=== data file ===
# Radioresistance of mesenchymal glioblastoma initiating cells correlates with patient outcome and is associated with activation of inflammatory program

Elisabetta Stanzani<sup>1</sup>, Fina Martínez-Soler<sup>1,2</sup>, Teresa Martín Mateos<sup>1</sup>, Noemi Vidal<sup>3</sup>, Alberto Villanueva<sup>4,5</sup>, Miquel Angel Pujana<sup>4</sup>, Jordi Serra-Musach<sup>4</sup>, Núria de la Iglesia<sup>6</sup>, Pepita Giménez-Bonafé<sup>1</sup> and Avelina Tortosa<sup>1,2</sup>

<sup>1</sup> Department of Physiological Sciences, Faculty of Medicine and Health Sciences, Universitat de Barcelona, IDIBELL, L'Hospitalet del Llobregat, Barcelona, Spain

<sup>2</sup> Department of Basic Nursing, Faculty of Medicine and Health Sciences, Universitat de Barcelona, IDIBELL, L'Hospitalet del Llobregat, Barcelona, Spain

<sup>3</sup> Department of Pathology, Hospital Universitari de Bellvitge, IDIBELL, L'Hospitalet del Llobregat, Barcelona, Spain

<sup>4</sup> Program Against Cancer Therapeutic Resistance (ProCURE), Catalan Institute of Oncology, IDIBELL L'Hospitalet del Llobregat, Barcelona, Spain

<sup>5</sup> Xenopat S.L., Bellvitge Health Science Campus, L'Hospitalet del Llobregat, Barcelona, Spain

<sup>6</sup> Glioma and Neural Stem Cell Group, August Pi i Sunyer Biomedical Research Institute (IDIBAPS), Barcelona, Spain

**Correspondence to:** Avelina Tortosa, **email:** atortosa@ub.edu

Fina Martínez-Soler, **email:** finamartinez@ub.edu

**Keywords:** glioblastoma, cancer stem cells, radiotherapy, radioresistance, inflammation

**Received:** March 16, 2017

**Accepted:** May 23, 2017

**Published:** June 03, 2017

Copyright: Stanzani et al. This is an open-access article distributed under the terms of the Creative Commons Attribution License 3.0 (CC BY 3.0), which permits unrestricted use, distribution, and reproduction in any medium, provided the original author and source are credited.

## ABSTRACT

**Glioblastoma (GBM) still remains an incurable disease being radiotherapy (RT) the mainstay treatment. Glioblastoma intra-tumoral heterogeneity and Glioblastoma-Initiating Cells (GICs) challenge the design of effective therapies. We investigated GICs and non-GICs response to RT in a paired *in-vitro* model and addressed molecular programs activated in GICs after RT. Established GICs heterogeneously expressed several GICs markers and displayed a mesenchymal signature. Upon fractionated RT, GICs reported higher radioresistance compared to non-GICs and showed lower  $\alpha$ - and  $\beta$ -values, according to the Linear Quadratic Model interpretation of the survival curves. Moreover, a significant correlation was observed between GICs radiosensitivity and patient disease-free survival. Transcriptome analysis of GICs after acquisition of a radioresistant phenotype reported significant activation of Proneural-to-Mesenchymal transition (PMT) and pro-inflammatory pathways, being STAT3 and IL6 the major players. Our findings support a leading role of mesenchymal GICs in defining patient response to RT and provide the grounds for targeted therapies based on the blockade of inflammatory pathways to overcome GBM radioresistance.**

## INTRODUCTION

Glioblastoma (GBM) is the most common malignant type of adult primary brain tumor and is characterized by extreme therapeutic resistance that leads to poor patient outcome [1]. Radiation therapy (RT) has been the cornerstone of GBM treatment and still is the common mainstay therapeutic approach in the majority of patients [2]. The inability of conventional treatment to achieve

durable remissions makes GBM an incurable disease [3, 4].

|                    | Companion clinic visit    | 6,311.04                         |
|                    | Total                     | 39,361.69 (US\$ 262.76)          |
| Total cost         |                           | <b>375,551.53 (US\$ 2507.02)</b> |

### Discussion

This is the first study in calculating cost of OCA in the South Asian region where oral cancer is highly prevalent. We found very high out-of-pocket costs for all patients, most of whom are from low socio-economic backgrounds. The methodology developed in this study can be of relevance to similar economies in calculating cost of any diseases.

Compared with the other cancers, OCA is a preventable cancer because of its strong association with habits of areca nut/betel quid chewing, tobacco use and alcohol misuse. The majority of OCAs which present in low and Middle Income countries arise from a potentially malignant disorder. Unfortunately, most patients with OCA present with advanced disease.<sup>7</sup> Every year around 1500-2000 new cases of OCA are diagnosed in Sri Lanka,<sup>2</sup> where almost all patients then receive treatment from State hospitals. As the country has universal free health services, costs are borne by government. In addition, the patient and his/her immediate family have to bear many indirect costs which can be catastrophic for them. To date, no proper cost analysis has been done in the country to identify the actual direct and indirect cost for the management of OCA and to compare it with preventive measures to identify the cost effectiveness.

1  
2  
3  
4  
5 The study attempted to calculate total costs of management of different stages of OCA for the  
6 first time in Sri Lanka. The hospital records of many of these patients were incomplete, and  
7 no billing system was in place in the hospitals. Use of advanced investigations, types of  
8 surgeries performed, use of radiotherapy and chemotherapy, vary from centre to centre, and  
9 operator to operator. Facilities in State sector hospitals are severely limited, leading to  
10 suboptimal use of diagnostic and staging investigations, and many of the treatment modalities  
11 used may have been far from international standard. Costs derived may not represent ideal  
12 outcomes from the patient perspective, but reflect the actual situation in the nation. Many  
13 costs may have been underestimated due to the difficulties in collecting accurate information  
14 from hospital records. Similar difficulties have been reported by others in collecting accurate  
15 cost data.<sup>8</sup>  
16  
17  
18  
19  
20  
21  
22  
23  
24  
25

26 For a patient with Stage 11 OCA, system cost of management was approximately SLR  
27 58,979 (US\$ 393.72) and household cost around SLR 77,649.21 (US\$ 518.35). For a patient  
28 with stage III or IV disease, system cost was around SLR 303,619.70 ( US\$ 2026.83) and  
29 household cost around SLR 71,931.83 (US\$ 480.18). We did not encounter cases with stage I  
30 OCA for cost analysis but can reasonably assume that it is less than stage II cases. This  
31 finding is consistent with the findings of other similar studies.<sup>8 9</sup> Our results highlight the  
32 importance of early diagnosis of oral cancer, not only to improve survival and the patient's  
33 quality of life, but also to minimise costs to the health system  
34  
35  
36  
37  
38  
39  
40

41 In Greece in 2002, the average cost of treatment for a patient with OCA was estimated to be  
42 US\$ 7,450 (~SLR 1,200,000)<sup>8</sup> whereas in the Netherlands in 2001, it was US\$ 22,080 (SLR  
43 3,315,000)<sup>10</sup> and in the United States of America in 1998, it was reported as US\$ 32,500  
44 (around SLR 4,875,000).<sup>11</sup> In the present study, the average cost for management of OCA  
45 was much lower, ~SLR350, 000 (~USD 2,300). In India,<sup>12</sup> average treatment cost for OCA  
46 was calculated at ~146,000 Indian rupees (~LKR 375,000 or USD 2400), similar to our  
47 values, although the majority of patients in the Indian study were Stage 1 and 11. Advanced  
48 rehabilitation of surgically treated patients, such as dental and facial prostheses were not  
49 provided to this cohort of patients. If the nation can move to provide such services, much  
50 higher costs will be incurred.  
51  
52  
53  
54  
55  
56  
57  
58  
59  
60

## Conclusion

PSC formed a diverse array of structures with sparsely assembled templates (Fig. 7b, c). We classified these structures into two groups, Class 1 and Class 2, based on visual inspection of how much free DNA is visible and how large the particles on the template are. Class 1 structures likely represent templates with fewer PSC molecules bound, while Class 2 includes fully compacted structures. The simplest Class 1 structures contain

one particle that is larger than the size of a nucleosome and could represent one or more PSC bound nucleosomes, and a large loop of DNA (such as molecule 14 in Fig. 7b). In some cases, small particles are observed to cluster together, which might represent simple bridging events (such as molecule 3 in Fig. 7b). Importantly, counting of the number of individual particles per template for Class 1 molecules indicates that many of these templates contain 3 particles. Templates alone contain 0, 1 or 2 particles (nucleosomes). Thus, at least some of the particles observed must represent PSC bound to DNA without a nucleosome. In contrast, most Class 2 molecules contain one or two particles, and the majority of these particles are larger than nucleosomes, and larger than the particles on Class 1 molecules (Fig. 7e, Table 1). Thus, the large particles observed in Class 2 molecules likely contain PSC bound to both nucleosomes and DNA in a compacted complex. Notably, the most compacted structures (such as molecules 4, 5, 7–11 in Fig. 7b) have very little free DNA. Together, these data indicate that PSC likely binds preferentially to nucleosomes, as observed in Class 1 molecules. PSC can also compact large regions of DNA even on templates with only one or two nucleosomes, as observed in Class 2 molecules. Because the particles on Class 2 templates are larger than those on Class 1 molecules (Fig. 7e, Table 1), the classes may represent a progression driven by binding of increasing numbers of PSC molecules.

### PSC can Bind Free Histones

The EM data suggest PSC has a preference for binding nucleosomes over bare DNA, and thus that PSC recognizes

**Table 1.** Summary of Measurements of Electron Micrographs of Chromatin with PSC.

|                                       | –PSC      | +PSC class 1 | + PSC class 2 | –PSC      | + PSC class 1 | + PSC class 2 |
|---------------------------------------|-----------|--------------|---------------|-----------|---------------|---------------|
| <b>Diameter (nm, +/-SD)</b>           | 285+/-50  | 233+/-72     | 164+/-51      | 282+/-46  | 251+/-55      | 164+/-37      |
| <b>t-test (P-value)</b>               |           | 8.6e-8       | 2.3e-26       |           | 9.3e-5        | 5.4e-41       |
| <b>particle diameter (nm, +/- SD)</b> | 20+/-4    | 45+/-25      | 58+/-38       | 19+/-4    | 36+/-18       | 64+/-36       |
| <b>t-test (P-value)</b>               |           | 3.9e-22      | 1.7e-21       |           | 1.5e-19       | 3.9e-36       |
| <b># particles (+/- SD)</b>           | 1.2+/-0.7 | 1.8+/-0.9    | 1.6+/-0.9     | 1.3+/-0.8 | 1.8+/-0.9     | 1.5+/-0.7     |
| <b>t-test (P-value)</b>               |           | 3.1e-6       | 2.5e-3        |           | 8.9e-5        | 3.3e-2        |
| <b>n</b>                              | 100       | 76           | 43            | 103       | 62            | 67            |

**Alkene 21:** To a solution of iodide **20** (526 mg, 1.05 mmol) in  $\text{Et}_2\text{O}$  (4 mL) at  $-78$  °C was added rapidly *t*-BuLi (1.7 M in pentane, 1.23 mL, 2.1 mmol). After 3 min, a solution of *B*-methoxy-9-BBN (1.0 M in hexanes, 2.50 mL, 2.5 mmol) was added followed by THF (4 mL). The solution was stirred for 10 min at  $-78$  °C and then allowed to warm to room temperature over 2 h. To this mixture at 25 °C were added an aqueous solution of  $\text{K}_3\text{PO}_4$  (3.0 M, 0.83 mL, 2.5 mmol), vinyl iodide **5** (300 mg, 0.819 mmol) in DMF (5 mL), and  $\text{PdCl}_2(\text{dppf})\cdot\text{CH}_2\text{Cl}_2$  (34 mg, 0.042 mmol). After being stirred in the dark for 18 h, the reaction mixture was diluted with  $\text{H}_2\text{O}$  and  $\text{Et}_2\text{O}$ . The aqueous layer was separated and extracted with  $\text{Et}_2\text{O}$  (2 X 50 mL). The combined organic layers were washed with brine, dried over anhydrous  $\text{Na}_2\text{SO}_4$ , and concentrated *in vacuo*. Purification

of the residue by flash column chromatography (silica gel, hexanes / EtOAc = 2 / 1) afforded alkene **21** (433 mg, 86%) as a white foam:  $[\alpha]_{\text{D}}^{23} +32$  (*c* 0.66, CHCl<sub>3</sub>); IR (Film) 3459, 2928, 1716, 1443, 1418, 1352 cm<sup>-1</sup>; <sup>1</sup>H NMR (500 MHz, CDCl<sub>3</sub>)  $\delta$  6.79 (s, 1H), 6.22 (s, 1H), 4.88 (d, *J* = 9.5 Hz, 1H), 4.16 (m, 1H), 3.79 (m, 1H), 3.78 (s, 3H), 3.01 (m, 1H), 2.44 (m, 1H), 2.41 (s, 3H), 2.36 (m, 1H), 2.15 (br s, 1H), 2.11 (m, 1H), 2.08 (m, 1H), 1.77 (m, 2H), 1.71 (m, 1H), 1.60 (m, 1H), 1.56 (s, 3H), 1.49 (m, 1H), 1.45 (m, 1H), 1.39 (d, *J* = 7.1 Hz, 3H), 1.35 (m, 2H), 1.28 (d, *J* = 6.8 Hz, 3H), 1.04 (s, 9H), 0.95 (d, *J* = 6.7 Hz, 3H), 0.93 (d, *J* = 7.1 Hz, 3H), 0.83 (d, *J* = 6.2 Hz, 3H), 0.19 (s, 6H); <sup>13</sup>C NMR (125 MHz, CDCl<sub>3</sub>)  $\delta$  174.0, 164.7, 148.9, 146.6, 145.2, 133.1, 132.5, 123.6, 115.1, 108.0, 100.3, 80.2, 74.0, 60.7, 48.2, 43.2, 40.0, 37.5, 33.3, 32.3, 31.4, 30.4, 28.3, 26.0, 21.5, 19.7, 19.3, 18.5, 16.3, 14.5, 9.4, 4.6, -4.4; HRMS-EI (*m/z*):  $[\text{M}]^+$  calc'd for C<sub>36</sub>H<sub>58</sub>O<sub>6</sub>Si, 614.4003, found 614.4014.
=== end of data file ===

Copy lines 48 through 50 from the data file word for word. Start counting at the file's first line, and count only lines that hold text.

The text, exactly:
22  
23  
24  